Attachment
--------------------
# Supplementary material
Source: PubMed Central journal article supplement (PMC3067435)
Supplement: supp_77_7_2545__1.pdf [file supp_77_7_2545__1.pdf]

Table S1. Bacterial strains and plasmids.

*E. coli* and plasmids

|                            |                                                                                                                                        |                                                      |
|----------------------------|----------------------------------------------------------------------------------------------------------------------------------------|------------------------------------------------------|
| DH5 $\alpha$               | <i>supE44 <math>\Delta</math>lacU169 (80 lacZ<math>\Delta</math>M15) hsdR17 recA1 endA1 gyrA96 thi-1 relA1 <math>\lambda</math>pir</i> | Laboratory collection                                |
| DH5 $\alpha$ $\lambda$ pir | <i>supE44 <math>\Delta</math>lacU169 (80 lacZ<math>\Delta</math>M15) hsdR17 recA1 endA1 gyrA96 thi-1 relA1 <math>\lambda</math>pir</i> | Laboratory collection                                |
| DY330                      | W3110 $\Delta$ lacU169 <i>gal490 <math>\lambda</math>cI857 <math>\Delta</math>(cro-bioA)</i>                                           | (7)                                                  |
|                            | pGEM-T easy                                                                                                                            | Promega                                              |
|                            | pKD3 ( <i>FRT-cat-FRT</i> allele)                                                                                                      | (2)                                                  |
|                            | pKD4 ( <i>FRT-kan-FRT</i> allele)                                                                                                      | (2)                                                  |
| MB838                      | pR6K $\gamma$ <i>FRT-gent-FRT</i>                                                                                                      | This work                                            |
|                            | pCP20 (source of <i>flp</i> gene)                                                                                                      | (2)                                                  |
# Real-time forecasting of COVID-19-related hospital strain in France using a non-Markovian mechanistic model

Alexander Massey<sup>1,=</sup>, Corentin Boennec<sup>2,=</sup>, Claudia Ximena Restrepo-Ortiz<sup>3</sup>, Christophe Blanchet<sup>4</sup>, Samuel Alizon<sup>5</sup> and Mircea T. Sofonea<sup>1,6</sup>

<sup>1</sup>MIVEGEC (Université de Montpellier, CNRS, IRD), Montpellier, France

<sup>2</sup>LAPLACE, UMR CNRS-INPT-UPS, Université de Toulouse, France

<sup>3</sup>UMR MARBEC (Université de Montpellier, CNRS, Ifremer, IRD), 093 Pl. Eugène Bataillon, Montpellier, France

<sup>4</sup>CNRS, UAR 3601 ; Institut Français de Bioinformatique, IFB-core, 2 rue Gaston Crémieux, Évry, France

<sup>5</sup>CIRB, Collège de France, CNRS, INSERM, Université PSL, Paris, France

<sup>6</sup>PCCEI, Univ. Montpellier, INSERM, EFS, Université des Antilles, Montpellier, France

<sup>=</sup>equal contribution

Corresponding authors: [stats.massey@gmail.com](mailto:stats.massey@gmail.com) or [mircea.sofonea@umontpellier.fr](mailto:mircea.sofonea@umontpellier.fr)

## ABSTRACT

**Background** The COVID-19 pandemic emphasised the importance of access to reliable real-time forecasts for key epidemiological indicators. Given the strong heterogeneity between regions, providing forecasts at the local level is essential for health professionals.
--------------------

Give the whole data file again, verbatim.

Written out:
# Supplementary material
Source: PubMed Central journal article supplement (PMC3067435)
Supplement: supp_77_7_2545__1.pdf [file supp_77_7_2545__1.pdf]

Table S1. Bacterial strains and plasmids.

*E. coli* and plasmids

|                            |                                                                                                                                        |                                                      |
|----------------------------|----------------------------------------------------------------------------------------------------------------------------------------|------------------------------------------------------|
| DH5 $\alpha$               | <i>supE44 <math>\Delta</math>lacU169 (80 lacZ<math>\Delta</math>M15) hsdR17 recA1 endA1 gyrA96 thi-1 relA1 <math>\lambda</math>pir</i> | Laboratory collection                                |
| DH5 $\alpha$ $\lambda$ pir | <i>supE44 <math>\Delta</math>lacU169 (80 lacZ<math>\Delta</math>M15) hsdR17 recA1 endA1 gyrA96 thi-1 relA1 <math>\lambda</math>pir</i> | Laboratory collection                                |
| DY330                      | W3110 $\Delta$ lacU169 <i>gal490 <math>\lambda</math>cI857 <math>\Delta</math>(cro-bioA)</i>                                           | (7)                                                  |
|                            | pGEM-T easy                                                                                                                            | Promega                                              |
|                            | pKD3 ( <i>FRT-cat-FRT</i> allele)                                                                                                      | (2)                                                  |
|                            | pKD4 ( <i>FRT-kan-FRT</i> allele)                                                                                                      | (2)                                                  |
| MB838                      | pR6K $\gamma$ <i>FRT-gent-FRT</i>                                                                                                      | This work                                            |
|                            | pCP20 (source of <i>flp</i> gene)                                                                                                      | (2)                                                  |
# Real-time forecasting of COVID-19-related hospital strain in France using a non-Markovian mechanistic model

Alexander Massey<sup>1,=</sup>, Corentin Boennec<sup>2,=</sup>, Claudia Ximena Restrepo-Ortiz<sup>3</sup>, Christophe Blanchet<sup>4</sup>, Samuel Alizon<sup>5</sup> and Mircea T. Sofonea<sup>1,6</sup>

<sup>1</sup>MIVEGEC (Université de Montpellier, CNRS, IRD), Montpellier, France

<sup>2</sup>LAPLACE, UMR CNRS-INPT-UPS, Université de Toulouse, France

<sup>3</sup>UMR MARBEC (Université de Montpellier, CNRS, Ifremer, IRD), 093 Pl. Eugène Bataillon, Montpellier, France

<sup>4</sup>CNRS, UAR 3601 ; Institut Français de Bioinformatique, IFB-core, 2 rue Gaston Crémieux, Évry, France

<sup>5</sup>CIRB, Collège de France, CNRS, INSERM, Université PSL, Paris, France

<sup>6</sup>PCCEI, Univ. Montpellier, INSERM, EFS, Université des Antilles, Montpellier, France

<sup>=</sup>equal contribution

Corresponding authors: [stats.massey@gmail.com](mailto:stats.massey@gmail.com) or [mircea.sofonea@umontpellier.fr](mailto:mircea.sofonea@umontpellier.fr)

## ABSTRACT

**Background** The COVID-19 pandemic emphasised the importance of access to reliable real-time forecasts for key epidemiological indicators. Given the strong heterogeneity between regions, providing forecasts at the local level is essential for health professionals.